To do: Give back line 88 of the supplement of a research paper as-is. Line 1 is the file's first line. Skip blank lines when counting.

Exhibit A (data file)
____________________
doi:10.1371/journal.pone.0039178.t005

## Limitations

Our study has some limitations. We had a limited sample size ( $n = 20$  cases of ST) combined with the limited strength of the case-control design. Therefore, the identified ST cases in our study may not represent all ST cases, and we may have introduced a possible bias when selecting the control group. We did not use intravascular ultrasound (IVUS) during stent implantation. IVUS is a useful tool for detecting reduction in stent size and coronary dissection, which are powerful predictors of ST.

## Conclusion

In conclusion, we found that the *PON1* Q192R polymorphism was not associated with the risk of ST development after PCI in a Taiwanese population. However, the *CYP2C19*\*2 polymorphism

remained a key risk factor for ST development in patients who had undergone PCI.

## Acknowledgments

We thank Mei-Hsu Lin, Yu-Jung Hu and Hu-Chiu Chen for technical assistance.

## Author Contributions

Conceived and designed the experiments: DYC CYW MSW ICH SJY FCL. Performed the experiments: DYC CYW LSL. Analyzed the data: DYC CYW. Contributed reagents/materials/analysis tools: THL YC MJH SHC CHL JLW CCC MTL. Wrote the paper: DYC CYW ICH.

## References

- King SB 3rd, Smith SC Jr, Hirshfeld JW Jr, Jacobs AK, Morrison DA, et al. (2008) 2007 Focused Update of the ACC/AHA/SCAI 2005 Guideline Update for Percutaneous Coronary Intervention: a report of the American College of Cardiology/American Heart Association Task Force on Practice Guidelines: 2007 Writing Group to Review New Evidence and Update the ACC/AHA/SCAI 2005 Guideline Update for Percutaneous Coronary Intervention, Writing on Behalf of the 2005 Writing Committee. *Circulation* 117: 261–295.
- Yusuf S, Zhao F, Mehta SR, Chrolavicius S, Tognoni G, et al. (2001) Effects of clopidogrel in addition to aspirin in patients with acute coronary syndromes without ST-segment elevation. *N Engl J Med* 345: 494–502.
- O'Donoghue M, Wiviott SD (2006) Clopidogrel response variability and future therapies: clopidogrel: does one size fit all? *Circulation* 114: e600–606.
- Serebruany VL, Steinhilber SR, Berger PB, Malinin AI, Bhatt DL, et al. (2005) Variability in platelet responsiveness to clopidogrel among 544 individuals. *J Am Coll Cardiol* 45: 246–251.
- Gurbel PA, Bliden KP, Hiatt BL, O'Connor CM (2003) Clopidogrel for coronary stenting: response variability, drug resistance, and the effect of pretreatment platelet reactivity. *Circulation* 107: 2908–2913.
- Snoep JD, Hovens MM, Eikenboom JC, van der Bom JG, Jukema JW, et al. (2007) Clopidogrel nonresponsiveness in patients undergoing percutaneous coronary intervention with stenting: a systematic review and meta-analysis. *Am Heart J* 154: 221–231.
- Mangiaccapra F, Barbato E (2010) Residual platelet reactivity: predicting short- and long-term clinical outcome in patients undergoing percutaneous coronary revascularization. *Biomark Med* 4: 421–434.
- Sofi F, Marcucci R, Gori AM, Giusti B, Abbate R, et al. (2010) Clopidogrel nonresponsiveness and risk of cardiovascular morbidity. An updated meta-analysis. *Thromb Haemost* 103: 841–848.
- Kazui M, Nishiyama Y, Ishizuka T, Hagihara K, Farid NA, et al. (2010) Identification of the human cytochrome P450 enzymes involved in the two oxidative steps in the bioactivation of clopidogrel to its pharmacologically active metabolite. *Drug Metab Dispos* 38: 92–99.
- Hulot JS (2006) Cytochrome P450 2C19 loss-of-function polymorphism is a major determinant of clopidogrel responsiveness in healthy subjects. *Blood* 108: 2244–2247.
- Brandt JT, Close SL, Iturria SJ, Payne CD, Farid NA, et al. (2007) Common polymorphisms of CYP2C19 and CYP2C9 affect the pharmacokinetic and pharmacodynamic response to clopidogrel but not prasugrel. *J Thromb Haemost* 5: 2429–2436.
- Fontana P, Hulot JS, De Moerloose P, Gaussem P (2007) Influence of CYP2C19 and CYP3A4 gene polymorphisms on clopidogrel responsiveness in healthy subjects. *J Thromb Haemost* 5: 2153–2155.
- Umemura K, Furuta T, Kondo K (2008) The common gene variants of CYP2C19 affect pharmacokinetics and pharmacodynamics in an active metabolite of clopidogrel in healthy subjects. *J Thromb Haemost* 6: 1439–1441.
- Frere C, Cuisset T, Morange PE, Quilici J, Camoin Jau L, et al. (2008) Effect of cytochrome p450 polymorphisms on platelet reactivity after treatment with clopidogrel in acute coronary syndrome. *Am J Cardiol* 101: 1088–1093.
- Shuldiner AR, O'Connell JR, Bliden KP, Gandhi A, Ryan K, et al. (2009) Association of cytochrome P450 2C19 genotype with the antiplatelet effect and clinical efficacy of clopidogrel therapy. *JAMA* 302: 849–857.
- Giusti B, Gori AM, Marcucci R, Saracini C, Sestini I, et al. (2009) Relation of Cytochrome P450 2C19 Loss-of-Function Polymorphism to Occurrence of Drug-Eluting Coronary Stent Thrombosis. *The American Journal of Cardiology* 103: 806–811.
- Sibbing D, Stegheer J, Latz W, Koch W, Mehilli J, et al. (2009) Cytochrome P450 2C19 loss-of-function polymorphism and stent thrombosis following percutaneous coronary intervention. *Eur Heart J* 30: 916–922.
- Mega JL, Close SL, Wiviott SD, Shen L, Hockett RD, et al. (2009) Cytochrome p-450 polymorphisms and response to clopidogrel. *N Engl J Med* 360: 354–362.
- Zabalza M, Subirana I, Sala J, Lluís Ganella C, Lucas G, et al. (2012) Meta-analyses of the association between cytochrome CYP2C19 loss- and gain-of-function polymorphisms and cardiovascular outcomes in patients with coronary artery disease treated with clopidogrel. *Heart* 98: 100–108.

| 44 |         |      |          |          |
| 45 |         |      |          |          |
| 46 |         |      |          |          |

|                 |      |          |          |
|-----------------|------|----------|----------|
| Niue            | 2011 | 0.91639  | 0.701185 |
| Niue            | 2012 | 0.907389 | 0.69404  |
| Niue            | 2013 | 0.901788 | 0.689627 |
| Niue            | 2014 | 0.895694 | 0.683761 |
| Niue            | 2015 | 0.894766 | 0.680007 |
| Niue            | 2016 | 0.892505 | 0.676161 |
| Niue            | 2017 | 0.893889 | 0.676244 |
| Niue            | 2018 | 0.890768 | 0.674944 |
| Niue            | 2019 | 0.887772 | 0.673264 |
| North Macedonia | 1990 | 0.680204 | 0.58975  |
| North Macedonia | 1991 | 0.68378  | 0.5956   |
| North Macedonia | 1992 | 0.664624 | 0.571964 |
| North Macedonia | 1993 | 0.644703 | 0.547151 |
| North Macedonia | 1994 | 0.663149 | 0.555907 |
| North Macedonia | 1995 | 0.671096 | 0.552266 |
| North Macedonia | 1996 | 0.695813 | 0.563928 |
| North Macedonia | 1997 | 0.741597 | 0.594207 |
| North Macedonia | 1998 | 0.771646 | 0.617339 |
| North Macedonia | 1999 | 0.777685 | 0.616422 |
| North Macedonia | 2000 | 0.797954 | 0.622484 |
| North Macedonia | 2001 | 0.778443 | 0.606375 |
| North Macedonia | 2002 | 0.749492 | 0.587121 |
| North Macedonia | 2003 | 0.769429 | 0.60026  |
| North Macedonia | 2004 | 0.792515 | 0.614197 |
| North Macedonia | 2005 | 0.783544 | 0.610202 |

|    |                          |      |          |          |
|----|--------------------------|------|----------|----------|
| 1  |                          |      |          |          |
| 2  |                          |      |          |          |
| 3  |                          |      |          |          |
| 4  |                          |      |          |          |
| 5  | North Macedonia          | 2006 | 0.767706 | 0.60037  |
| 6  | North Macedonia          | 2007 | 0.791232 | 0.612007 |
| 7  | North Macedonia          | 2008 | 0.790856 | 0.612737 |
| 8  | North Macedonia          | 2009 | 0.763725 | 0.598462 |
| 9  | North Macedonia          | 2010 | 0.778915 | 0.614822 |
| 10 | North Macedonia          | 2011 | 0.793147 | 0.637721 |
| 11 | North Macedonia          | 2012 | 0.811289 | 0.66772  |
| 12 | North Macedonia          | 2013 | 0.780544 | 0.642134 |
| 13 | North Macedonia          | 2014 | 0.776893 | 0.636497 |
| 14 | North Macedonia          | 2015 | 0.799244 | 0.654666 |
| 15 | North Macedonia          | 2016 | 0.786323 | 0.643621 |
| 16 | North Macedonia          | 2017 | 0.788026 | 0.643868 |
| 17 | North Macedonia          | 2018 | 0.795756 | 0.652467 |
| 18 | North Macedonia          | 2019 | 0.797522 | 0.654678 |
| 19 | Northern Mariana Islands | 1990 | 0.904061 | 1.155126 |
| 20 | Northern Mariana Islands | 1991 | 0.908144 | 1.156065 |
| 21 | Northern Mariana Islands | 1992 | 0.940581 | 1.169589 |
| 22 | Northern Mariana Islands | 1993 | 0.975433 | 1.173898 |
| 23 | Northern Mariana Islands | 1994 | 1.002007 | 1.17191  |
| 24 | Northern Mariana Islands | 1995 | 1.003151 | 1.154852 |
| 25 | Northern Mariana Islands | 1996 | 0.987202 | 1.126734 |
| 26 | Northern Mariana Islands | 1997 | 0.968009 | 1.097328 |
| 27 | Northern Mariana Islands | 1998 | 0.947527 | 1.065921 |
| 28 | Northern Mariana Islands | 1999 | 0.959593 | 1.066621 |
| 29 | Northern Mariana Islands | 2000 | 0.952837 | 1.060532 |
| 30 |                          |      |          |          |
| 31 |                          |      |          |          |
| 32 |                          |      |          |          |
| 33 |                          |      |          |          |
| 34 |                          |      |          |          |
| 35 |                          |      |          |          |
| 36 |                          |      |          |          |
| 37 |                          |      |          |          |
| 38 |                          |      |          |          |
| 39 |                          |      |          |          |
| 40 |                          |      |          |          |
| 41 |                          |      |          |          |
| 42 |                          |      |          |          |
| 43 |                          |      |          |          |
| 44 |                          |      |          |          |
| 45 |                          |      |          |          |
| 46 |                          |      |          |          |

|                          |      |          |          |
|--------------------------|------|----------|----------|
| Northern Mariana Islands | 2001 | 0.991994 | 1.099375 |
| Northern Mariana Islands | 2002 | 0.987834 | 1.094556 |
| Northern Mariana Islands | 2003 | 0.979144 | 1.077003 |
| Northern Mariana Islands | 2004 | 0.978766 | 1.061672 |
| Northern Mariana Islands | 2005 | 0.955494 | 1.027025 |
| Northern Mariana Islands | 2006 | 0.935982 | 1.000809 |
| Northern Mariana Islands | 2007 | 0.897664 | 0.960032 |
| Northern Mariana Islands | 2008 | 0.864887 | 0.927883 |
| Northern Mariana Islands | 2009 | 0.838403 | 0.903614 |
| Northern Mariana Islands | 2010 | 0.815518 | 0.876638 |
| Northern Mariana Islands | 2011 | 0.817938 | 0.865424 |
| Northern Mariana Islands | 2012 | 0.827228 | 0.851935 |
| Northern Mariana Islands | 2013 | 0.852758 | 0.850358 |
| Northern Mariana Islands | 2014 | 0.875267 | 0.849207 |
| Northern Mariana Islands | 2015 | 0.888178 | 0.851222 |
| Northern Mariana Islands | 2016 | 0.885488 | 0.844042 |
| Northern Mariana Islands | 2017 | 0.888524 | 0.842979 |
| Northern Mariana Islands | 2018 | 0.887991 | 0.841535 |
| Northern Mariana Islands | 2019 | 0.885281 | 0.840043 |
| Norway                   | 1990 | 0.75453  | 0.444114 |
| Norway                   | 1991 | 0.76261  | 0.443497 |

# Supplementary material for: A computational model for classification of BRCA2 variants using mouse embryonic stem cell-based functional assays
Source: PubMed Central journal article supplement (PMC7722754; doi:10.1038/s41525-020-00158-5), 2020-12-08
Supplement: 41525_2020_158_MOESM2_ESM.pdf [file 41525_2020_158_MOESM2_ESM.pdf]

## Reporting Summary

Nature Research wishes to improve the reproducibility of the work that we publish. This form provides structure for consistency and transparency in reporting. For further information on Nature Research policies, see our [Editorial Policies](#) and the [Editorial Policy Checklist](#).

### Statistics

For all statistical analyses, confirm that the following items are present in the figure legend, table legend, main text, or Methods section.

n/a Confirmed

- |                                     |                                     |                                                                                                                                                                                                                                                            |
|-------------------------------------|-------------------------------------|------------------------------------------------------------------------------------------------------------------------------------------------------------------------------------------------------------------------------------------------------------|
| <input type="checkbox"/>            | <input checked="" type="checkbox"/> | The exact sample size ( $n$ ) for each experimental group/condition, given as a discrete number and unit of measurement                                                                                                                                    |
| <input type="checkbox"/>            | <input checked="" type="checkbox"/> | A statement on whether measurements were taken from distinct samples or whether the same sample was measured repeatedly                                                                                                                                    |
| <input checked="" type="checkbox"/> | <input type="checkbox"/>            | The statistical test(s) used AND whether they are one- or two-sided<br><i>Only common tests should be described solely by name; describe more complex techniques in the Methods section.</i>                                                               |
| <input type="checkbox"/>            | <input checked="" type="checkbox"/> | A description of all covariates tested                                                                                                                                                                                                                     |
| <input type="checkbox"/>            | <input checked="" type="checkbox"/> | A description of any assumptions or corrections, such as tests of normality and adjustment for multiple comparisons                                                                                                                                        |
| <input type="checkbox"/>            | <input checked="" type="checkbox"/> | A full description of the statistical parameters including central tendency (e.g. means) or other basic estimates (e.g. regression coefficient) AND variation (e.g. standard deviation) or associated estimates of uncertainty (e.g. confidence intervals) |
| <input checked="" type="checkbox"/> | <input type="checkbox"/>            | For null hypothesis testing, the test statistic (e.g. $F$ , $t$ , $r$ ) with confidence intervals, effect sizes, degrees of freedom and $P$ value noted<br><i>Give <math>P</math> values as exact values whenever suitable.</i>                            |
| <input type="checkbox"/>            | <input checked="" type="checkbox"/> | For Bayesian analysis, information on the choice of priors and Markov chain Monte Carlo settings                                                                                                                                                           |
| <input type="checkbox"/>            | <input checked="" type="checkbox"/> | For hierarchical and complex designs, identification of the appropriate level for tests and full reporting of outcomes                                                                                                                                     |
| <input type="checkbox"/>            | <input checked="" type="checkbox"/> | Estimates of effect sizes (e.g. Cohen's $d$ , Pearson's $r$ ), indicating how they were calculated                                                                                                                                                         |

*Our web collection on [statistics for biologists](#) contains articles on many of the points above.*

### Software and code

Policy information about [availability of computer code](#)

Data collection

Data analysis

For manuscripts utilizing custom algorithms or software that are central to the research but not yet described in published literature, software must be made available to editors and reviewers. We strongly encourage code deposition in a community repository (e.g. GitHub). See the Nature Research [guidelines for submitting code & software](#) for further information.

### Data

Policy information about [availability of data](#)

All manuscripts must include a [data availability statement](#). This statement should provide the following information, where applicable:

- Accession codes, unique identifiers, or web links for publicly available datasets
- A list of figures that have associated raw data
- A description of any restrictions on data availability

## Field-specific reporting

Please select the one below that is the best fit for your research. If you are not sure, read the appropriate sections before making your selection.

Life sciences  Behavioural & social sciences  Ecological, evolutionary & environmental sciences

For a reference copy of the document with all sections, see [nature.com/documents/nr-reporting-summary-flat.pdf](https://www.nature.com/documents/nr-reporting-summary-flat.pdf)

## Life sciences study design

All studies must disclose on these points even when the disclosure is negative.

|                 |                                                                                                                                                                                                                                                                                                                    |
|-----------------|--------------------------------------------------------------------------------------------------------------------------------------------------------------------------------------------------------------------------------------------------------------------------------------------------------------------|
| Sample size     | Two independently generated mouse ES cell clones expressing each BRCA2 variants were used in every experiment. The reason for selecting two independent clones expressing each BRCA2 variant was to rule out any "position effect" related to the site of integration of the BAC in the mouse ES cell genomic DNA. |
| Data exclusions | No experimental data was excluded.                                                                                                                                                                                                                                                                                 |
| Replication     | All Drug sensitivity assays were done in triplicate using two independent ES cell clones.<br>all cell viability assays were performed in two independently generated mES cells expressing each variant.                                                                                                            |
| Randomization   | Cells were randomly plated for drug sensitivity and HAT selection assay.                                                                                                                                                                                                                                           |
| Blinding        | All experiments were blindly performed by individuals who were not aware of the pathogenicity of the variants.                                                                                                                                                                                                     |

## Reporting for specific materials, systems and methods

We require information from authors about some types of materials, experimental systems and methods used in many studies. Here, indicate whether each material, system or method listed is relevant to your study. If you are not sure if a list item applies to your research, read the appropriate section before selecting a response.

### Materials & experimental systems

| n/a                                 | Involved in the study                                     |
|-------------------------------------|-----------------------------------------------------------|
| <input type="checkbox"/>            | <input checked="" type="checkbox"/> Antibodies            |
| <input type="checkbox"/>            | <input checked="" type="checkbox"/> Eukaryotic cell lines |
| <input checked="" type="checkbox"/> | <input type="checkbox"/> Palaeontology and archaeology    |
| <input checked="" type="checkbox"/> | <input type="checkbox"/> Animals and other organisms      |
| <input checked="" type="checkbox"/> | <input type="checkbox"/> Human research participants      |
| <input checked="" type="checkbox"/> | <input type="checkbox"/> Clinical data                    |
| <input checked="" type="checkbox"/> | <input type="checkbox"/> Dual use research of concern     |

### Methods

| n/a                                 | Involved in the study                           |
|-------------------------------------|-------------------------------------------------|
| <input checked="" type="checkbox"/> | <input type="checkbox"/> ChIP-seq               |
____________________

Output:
| 26 | Northern Mariana Islands | 1997 | 0.968009 | 1.097328 |